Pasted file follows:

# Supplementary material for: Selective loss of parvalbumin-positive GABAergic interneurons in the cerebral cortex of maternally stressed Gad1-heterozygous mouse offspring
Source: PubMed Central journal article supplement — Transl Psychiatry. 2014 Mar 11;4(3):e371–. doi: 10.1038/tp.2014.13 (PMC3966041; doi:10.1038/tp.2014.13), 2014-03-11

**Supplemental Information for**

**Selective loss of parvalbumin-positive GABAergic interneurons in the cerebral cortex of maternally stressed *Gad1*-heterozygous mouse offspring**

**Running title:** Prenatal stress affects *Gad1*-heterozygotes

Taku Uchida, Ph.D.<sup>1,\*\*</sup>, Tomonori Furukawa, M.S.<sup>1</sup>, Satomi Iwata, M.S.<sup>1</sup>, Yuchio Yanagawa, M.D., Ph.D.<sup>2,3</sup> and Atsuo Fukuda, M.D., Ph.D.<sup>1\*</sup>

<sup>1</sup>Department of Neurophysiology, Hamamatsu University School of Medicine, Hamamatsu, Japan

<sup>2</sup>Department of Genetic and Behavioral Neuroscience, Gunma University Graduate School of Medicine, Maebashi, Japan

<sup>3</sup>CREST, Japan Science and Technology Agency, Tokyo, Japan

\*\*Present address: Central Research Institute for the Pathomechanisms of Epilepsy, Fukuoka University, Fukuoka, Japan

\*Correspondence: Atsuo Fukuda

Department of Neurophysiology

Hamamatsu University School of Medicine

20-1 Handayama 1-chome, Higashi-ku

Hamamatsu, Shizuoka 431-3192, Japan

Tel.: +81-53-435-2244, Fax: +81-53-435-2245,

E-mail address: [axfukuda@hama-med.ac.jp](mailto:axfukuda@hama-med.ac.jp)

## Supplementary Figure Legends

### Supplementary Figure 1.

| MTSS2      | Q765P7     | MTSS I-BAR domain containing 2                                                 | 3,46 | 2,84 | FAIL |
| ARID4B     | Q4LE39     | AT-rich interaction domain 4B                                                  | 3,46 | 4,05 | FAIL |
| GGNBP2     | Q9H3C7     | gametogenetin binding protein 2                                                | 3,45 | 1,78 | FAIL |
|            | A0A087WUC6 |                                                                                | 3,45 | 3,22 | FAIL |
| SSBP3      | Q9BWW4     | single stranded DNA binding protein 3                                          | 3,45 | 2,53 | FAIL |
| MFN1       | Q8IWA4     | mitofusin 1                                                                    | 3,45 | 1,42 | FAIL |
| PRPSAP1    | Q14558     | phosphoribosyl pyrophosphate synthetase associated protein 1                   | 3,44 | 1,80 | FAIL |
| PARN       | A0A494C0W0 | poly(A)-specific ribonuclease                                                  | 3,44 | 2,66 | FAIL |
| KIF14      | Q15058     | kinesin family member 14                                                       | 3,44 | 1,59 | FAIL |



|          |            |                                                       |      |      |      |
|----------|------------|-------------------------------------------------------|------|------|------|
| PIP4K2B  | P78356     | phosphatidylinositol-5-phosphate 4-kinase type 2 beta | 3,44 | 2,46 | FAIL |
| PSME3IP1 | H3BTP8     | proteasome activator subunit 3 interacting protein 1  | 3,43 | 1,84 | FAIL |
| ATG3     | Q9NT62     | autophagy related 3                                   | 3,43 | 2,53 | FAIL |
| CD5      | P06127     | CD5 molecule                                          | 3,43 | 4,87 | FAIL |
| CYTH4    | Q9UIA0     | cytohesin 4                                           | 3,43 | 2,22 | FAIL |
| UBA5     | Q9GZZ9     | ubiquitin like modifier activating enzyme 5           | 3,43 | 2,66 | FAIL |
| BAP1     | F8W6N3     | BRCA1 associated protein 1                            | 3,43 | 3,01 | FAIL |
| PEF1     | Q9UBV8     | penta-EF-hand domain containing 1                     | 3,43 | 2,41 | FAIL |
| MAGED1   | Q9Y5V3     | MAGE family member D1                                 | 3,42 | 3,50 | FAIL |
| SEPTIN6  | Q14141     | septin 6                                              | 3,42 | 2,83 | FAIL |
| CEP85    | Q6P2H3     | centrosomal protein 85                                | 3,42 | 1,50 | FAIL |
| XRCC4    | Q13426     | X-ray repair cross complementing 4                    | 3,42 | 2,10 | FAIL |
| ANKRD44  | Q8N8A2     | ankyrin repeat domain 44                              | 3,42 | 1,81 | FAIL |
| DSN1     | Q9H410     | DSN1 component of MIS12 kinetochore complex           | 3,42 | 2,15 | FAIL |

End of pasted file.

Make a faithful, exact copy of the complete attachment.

# Supplementary material for: Selective loss of parvalbumin-positive GABAergic interneurons in the cerebral cortex of maternally stressed Gad1-heterozygous mouse offspring
Source: PubMed Central journal article supplement — Transl Psychiatry. 2014 Mar 11;4(3):e371–. doi: 10.1038/tp.2014.13 (PMC3966041; doi:10.1038/tp.2014.13), 2014-03-11

**Supplemental Information for**

**Selective loss of parvalbumin-positive GABAergic interneurons in the cerebral cortex of maternally stressed *Gad1*-heterozygous mouse offspring**

**Running title:** Prenatal stress affects *Gad1*-heterozygotes

Taku Uchida, Ph.D.<sup>1,\*\*</sup>, Tomonori Furukawa, M.S.<sup>1</sup>, Satomi Iwata, M.S.<sup>1</sup>, Yuchio Yanagawa, M.D., Ph.D.<sup>2,3</sup> and Atsuo Fukuda, M.D., Ph.D.<sup>1\*</sup>

<sup>1</sup>Department of Neurophysiology, Hamamatsu University School of Medicine, Hamamatsu, Japan

<sup>2</sup>Department of Genetic and Behavioral Neuroscience, Gunma University Graduate School of Medicine, Maebashi, Japan

<sup>3</sup>CREST, Japan Science and Technology Agency, Tokyo, Japan

\*\*Present address: Central Research Institute for the Pathomechanisms of Epilepsy, Fukuoka University, Fukuoka, Japan

\*Correspondence: Atsuo Fukuda

Department of Neurophysiology

Hamamatsu University School of Medicine

20-1 Handayama 1-chome, Higashi-ku

Hamamatsu, Shizuoka 431-3192, Japan

Tel.: +81-53-435-2244, Fax: +81-53-435-2245,

E-mail address: [axfukuda@hama-med.ac.jp](mailto:axfukuda@hama-med.ac.jp)

## Supplementary Figure Legends

### Supplementary Figure 1.

| MTSS2      | Q765P7     | MTSS I-BAR domain containing 2                                                 | 3,46 | 2,84 | FAIL |
| ARID4B     | Q4LE39     | AT-rich interaction domain 4B                                                  | 3,46 | 4,05 | FAIL |
| GGNBP2     | Q9H3C7     | gametogenetin binding protein 2                                                | 3,45 | 1,78 | FAIL |
|            | A0A087WUC6 |                                                                                | 3,45 | 3,22 | FAIL |
| SSBP3      | Q9BWW4     | single stranded DNA binding protein 3                                          | 3,45 | 2,53 | FAIL |
| MFN1       | Q8IWA4     | mitofusin 1                                                                    | 3,45 | 1,42 | FAIL |
| PRPSAP1    | Q14558     | phosphoribosyl pyrophosphate synthetase associated protein 1                   | 3,44 | 1,80 | FAIL |
| PARN       | A0A494C0W0 | poly(A)-specific ribonuclease                                                  | 3,44 | 2,66 | FAIL |
| KIF14      | Q15058     | kinesin family member 14                                                       | 3,44 | 1,59 | FAIL |



|          |            |                                                       |      |      |      |
|----------|------------|-------------------------------------------------------|------|------|------|
| PIP4K2B  | P78356     | phosphatidylinositol-5-phosphate 4-kinase type 2 beta | 3,44 | 2,46 | FAIL |
| PSME3IP1 | H3BTP8     | proteasome activator subunit 3 interacting protein 1  | 3,43 | 1,84 | FAIL |
| ATG3     | Q9NT62     | autophagy related 3                                   | 3,43 | 2,53 | FAIL |
| CD5      | P06127     | CD5 molecule                                          | 3,43 | 4,87 | FAIL |
| CYTH4    | Q9UIA0     | cytohesin 4                                           | 3,43 | 2,22 | FAIL |
| UBA5     | Q9GZZ9     | ubiquitin like modifier activating enzyme 5           | 3,43 | 2,66 | FAIL |
| BAP1     | F8W6N3     | BRCA1 associated protein 1                            | 3,43 | 3,01 | FAIL |
| PEF1     | Q9UBV8     | penta-EF-hand domain containing 1                     | 3,43 | 2,41 | FAIL |
| MAGED1   | Q9Y5V3     | MAGE family member D1                                 | 3,42 | 3,50 | FAIL |
| SEPTIN6  | Q14141     | septin 6                                              | 3,42 | 2,83 | FAIL |
| CEP85    | Q6P2H3     | centrosomal protein 85                                | 3,42 | 1,50 | FAIL |
| XRCC4    | Q13426     | X-ray repair cross complementing 4                    | 3,42 | 2,10 | FAIL |
| ANKRD44  | Q8N8A2     | ankyrin repeat domain 44                              | 3,42 | 1,81 | FAIL |
| DSN1     | Q9H410     | DSN1 component of MIS12 kinetochore complex           | 3,42 | 2,15 | FAIL |